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Project by swirlsandburls posted 1961 days ago 1840 views 6 times favorited 23 comments Add to Favorites Watch

This Red Morrell Aussie burl was not very thick, and so I knew I was going to have to add depth somehow in the design. I had been doing stone inlay in other, less expensive blanks. I decided to take a deep breath and start carving, adding a rim groove on the lathe and then the tree itself. I decided to make the roots flow through the rim. The flowers are very small, and each has five petals and has a black center, about the size of a pin-head. (Lots of tweezer time!) The minerals I used include flourite in the rim (over a gilded base), a mix of aragonite, selenite, anthracite, bitoite, and limonite for the tree, and calcite for the flowers. Finished in a tung-oil wiping varnish, waxed and buffed. It sold immediately!

-- patience is a virtue ... in woodworking, cooking, and life in general





23 comments so far

View Scott Bryan's profile (online now)

Scott Bryan

27251 posts in 2408 days


#1 posted 1961 days ago

John, this is a stunning piece. I can well understand why it sold. I cannot imagine the combination of talent, artistry and simply patience that was necessary to produce a piece of this quality.

Thanks for sharing this project.

-- Challenges are what make life interesting; overcoming them is what makes life meaningful- Joshua Marine

View CharlieM1958's profile

CharlieM1958

15627 posts in 2805 days


#2 posted 1961 days ago

Wow…beautiful!

-- Charlie M. "Woodworking - patience = firewood"

View mtnwild's profile

mtnwild

3474 posts in 2114 days


#3 posted 1961 days ago

Can’t think of a good enough word. Well, BEAUTIFUL!, will have to do.

-- mtnwild (Jack), It's not what you see, it's how you see it.

View PetVet's profile

PetVet

329 posts in 2074 days


#4 posted 1961 days ago

Wow again. I really like this technique. Maybe you could do a blog going through the steps you used to reach the end product? Thanks for sharing.

-- Rich in Richmond -- Experience is something you don't get until just after you need it.

View taidsturning's profile

taidsturning

233 posts in 1981 days


#5 posted 1961 days ago

This is truly a georgeous piece. I’m not surprised it sold immediately. I imagine it is gratifying to sell this fast, but you must have been a little sad to see it go.

-- Bill Roberts -- Steal one idea it's called plagerism. Steal a bunch - it's called research

View Kate's profile

Kate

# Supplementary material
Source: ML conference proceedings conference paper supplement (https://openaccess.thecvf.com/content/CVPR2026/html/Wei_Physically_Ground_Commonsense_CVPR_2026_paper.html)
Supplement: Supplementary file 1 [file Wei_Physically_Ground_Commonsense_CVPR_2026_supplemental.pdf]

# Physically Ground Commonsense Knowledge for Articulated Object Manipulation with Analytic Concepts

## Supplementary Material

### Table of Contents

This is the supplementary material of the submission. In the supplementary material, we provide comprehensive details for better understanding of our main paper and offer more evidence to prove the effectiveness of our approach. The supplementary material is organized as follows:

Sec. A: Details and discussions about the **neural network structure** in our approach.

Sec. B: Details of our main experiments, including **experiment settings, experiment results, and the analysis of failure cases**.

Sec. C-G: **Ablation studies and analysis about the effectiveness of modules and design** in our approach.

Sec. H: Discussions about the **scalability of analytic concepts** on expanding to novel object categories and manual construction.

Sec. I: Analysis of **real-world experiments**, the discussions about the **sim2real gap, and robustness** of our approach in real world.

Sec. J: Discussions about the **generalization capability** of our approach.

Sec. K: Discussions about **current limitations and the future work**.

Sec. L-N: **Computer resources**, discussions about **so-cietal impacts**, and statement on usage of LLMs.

396 posts in 2461 days


#6 posted 1961 days ago

Incredible! I can’t imagine the patience and steady-handiness required.

Beautiful piece.

-- Kate, http://www.wooden-box-maker.com

View rodb's profile

rodb

170 posts in 1989 days


#7 posted 1961 days ago

Wow what talent.
In a word Awesome.
Rod

-- R

View jimp's profile

jimp

207 posts in 2347 days


#8 posted 1961 days ago

Beautiful work! I really like the tree.

-- - Jim, Carroll, OH

View brianinpa's profile

brianinpa

1809 posts in 2309 days


#9 posted 1961 days ago

WOW, that just does not say enough.

-- Brian, Lebanon PA, If you aren’t having fun doing it, find something else to do.

View trifern's profile

trifern

8132 posts in 2353 days


#10 posted 1961 days ago

Gorgeous piece, thanks for sharing. I would like to learn more about your techniques.

-- My favorite piece is my last one, my best piece is my next one.

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epp_dog

58 posts in 1999 days


#11 posted 1961 days ago

Just stunning! I really want to start adding crushed stone to my turnings.

-- David, Florida

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TopamaxSurvivor

14553 posts in 2262 days


#12 posted 1961 days ago

This piece is beyond words!! Guess that is why they say a picture is worth a thousand words. It would take several thousand to do this justice!!

-- "some old things are lovely, warm still with life ... of the forgotten men who made them." - D.H. Lawrence

View Beaverwood's profile

Beaverwood

49 posts in 1979 days


#13 posted 1961 days ago

Cleaver combo…Very eye catching balance between the sharp edged form of your etching and the dynamics of the Aussi burls natural curvalinear shapes .. Excelllent.

-- Dave, North Dakota,http://www.northdakotanart.com

View Dadoo's profile

Dadoo

1763 posts in 2577 days


#14 posted 1961 days ago

Wow that sure is some busy grain huh? Absolutely beautiful. I see one pic shows the inlay material “piled” up as if glued…what next? Sand it flush? Maybe we can get you to blog and teach us your skill. Definitely would be worth reading. And then definitely worth trying too!

-- Bob Vila would be so proud of you!

View Woodhacker's profile

Woodhacker

1139 posts in 2310 days


#15 posted 1960 days ago

That is a stunning piece. I love the wood. Thanks for showing a little about the technique too.

-- Martin, Kansas

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